"Ignotus Peverell," greeted Death knowingly.
"Tell me why!" Ignotus demanded to know. He hadn't even noticed when his cheeks had grown damp of his hot tears, but they were steadily streaming down his wind-burnt cheeks.
"This valley is my territory. No soul has ever survived its crossing. Why should a mere wizard be any different? I claimed their lives because they should have perished in your crossing," said Death.
Ignotus bared his teeth. "You congratulated us! You played us for fools! Why not destroy the bridge from beneath our very feet instead of using such trickery?!"
"My dear Ignotus!" Death laughed. It was a loud, booming, and cruel sound. Ignotus knew Death was mocking him, thinking him stupid and a fool. "I do nothing but claim the lives of those who have reached their time and see them to the other side. I am a creature of the afterlife, and I am a creature of habit. I do not enjoy disruption or change. But when I am disturbed from my habitual existence - such as your foolish bridge crossing incident - I like change it up. Call it revenge if you will."
"You and your hateful games!" snarled Ignotus. "I have lost two of the people who are most dear to me because of you and your nefarious games! Have you no kindness in your heart?! You could not have simply instructed us to turn back?!"
"Kindness in my heart?" Death asked with a burst of laughter. "I have no heart, Ignotus Peverell. I am Death itself. Where was the fun in telling the three of you to turn back? The time of the two elder Peverells was upon them. I am Death; I know all that has come to pass and all that shall ever be. Antioch had run his course; he lived a pointless life other than starting bar fights. If Antioch had lived another year, do you know what he would have done, dear Ignotus? No, you do not. Antioch would have continued his quarrels with Gannon, and they would have escalated beyond your imagination. Gannon would have left Godric's Hollow to gather forces, and he would have marched upon Godric's Hollow and burnt every home to the ground and seen every man, woman, and child slaughtered. Antioch Peverell would have led Godric's Hollow to war in another year's time! And Cadmus on the other hand. Cadmus' existence reached its fulfillment nine years ago when Tyrion Peverell was fathered. I was more than generous in giving them the time that they had. You should be grateful for the years you spent with them, and you should also be wary that I can take your life from you in a matter of seconds, boy!"
"Then take it!" dared Ignotus. "If I was only a piece to your games for so long, then end this game now and take my life!"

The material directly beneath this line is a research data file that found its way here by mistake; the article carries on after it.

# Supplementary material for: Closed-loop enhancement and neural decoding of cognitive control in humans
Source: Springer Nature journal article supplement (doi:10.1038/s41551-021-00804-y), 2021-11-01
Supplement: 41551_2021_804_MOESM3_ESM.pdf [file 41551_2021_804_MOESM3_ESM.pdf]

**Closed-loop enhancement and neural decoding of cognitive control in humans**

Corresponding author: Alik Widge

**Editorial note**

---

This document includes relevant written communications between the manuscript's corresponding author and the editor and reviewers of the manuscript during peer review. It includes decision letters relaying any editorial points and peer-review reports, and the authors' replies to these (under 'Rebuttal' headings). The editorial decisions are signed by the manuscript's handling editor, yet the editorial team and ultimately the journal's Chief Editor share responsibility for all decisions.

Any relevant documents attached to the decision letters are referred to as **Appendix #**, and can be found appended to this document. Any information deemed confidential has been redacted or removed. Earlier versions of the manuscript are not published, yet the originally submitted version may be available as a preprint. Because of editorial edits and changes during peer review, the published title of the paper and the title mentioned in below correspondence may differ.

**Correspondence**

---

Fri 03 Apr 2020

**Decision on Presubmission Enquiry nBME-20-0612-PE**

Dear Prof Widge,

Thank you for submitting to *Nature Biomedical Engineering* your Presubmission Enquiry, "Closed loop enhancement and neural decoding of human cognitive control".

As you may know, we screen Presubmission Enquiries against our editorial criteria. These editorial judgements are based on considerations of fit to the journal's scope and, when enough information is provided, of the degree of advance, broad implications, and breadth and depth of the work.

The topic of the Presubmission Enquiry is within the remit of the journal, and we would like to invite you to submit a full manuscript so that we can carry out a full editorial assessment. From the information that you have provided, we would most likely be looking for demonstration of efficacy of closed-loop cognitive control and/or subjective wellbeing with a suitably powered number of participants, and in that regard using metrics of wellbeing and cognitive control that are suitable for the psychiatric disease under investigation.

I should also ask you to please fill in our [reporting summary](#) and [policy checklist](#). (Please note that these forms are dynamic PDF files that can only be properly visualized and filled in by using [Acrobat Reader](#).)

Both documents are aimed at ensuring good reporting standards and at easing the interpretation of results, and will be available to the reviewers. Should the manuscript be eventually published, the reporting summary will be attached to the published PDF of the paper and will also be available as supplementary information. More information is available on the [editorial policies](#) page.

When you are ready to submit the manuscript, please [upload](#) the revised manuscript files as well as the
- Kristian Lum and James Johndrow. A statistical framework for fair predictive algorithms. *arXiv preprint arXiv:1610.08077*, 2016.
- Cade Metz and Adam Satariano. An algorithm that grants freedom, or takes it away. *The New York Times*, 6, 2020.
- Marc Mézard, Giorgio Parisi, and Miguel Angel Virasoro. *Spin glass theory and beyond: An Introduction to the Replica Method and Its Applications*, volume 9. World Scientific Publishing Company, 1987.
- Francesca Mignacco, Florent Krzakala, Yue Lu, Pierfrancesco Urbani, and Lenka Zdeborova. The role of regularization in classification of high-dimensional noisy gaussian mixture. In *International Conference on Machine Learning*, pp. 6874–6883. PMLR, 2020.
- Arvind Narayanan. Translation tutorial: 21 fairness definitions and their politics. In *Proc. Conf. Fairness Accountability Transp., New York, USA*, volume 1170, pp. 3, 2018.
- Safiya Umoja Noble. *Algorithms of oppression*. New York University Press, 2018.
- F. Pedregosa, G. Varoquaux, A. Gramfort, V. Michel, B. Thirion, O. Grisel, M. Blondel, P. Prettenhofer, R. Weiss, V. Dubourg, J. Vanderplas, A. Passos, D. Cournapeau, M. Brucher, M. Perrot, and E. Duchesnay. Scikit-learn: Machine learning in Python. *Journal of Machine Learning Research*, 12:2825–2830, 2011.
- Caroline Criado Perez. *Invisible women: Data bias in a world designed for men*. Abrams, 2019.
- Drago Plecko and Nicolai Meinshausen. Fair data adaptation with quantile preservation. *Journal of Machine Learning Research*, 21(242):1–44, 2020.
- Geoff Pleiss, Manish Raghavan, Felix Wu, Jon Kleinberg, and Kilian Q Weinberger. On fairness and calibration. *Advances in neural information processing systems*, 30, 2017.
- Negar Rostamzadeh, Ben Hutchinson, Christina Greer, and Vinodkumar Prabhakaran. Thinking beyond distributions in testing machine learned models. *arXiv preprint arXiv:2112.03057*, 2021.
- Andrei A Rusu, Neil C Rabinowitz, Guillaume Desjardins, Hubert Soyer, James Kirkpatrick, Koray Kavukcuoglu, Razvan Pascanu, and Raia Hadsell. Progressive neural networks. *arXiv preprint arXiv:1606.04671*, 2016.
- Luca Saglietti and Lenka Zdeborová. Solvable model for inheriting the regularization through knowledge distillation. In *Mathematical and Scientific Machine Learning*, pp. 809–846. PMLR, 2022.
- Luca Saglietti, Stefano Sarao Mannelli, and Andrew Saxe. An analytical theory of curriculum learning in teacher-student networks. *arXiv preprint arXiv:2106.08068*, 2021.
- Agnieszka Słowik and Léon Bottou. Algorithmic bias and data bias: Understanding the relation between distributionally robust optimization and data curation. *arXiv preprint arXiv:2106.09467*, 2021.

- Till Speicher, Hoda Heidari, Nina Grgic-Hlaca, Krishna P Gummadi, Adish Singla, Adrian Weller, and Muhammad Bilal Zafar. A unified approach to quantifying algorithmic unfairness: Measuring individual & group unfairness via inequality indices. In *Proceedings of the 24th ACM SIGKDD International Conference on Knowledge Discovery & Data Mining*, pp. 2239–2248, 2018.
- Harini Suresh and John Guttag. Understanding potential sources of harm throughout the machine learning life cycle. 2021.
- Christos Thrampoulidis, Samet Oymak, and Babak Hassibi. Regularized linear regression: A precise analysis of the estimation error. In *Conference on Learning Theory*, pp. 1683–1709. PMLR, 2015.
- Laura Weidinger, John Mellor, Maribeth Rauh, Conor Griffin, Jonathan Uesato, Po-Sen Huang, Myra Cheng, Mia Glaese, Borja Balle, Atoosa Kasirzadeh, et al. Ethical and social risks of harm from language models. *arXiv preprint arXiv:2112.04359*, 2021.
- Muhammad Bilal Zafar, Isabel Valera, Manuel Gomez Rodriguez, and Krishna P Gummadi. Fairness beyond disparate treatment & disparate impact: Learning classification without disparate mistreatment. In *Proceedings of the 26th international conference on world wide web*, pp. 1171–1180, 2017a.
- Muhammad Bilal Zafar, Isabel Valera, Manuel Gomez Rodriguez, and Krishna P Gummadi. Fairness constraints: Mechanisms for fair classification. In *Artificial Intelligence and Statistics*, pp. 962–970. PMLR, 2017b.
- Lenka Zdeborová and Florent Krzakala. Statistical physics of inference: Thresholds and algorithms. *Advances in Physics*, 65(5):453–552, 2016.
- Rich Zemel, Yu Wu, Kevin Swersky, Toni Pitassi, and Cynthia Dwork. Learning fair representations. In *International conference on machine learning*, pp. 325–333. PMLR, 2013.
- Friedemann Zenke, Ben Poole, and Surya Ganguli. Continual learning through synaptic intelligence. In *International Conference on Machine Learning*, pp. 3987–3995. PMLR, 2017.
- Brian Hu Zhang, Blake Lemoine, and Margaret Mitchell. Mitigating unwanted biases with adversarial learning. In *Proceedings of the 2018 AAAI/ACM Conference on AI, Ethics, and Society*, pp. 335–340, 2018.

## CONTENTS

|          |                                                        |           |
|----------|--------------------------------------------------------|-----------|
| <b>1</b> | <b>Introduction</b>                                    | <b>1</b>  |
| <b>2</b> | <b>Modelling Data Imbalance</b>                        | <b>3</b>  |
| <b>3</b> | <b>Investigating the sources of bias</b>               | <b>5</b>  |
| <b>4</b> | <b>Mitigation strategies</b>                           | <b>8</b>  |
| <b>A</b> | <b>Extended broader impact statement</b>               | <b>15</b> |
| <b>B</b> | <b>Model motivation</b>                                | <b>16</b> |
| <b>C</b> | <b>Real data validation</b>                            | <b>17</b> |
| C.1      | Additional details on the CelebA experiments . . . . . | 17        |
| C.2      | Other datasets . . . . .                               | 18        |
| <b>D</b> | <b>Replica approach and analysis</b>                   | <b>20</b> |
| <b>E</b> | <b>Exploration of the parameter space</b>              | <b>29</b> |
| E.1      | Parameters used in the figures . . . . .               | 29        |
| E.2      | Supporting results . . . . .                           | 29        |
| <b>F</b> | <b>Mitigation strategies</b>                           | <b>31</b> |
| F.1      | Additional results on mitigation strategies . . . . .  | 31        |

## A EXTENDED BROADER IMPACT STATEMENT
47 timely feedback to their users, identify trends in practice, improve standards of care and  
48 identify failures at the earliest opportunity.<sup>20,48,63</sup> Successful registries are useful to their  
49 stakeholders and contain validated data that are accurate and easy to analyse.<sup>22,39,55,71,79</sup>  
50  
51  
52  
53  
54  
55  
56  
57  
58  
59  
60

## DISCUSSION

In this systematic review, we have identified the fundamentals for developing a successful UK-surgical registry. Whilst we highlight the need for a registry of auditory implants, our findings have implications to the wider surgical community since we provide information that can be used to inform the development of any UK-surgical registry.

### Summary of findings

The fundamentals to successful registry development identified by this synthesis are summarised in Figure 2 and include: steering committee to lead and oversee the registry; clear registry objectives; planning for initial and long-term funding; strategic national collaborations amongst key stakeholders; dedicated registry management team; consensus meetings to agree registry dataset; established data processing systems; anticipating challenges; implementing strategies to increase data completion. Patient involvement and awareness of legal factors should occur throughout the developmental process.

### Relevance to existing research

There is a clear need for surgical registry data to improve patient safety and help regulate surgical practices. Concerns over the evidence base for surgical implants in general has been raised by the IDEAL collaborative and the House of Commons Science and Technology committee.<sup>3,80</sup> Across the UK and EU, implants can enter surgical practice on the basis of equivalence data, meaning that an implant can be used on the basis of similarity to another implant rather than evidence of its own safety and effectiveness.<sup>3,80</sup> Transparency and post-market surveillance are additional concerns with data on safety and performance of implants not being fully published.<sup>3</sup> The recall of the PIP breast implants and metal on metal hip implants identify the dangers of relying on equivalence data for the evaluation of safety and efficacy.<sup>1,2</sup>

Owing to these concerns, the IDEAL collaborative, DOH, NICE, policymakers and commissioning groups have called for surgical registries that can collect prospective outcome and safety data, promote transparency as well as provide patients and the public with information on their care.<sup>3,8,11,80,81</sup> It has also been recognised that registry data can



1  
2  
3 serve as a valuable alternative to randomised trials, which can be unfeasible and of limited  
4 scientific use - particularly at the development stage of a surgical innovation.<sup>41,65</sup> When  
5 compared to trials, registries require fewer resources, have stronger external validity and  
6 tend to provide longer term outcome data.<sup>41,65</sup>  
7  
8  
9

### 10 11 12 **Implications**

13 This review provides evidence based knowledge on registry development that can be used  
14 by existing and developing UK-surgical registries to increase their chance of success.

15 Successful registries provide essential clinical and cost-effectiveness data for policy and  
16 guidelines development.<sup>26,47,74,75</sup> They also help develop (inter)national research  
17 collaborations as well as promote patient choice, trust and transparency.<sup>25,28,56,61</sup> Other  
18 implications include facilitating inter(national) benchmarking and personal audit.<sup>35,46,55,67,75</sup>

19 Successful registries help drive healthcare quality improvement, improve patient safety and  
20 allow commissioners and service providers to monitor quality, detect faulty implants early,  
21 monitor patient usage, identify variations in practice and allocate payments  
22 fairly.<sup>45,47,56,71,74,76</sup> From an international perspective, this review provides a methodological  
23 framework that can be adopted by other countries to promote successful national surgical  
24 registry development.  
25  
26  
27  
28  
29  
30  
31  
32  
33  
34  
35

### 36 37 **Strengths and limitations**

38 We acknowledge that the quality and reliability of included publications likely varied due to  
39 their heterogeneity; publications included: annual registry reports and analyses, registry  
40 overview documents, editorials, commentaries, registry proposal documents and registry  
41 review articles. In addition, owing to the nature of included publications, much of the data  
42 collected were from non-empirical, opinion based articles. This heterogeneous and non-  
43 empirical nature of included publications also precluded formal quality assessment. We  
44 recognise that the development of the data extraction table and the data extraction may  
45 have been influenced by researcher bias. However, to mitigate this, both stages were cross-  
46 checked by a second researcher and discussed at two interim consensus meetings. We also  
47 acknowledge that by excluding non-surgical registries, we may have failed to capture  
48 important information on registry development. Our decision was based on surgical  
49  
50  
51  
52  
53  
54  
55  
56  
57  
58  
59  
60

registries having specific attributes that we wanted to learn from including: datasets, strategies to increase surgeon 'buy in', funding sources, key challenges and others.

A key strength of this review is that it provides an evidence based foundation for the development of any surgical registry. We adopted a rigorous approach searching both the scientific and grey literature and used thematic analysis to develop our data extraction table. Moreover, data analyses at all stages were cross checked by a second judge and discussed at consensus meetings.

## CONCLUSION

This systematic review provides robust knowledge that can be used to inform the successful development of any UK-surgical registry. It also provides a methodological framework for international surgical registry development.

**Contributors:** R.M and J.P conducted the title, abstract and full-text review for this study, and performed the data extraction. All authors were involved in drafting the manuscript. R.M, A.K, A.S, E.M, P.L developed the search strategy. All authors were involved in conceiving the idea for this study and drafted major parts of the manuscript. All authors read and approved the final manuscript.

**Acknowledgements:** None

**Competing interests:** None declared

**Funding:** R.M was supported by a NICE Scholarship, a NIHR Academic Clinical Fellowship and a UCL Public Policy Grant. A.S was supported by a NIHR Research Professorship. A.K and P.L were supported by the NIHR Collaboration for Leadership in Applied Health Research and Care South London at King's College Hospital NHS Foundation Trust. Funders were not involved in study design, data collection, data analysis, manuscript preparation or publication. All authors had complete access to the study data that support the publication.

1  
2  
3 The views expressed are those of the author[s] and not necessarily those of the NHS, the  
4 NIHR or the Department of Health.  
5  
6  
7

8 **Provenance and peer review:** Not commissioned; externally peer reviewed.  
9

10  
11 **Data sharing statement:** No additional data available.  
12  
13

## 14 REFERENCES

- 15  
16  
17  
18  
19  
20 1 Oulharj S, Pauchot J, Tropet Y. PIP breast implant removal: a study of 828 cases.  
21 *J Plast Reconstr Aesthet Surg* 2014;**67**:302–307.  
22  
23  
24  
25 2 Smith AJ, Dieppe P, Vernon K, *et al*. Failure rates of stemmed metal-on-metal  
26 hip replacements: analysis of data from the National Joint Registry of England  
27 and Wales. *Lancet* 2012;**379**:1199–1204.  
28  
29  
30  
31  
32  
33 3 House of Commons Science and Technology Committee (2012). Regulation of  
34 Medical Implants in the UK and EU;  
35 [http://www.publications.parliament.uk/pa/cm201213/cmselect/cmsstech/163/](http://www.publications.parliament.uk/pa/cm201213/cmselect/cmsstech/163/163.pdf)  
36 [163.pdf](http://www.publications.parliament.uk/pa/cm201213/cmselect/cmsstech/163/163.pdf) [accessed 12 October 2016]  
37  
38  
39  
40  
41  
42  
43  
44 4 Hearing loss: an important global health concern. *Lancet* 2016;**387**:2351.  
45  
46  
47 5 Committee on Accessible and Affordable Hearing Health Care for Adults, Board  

Death laughed again and shook his cloaked head. "Oh, such a sacrifice would make things all too easy. And you knew from the very beginning, Ignotus Peverell, that I was one with tricks up my sleeve! You knew! You knew and yet you said nothing. You should have spoken up; you should have voiced your fear. Perhaps they would have listened to you. Perhaps, and they would still be alive. You are as much to blame for the death of your brothers as I am."
"NO!" cried out Ignotus in pain. The thought had long ago crossed his mind, but he refused to think it. He had forced it from his mind; he wouldn't allow himself to be the object of blame. "Their deaths are not my fault! They would never have listened to me! I am NOT the one to blame!"
"Do NOT quarrel with me, boy! We are killers. You and I. We killed your brothers. Together. And you do not even have to ask who is next to die," snarled Death.
Ignotus drew in a sharp breath of air. He knew Death's meaning. He was next. He could feel his heart jump into his throat, and he knew in that moment that his encounter with Death had to come to an end. Just as he began to tug on the reigns of his horse, he felt the ground begin to quake beneath him. He looked to it in confusion and shock, and he knew he hadn't imagined it. The ground was moving.
He yanked harshly on the reigns, demanding his horse step back away from the valley's edge. Just as the horse reared back, the ground fell out from beneath them. Chunks of rock, grass, and earth fell out from the surface and went crashing down into the valley. As the width of the valley expanded, Ignotus and his horse bolted away from the edge until the ground was solid beneath them. Panting, Ignotus looked back to where Death hovered, still hovering over the valley and still as ever.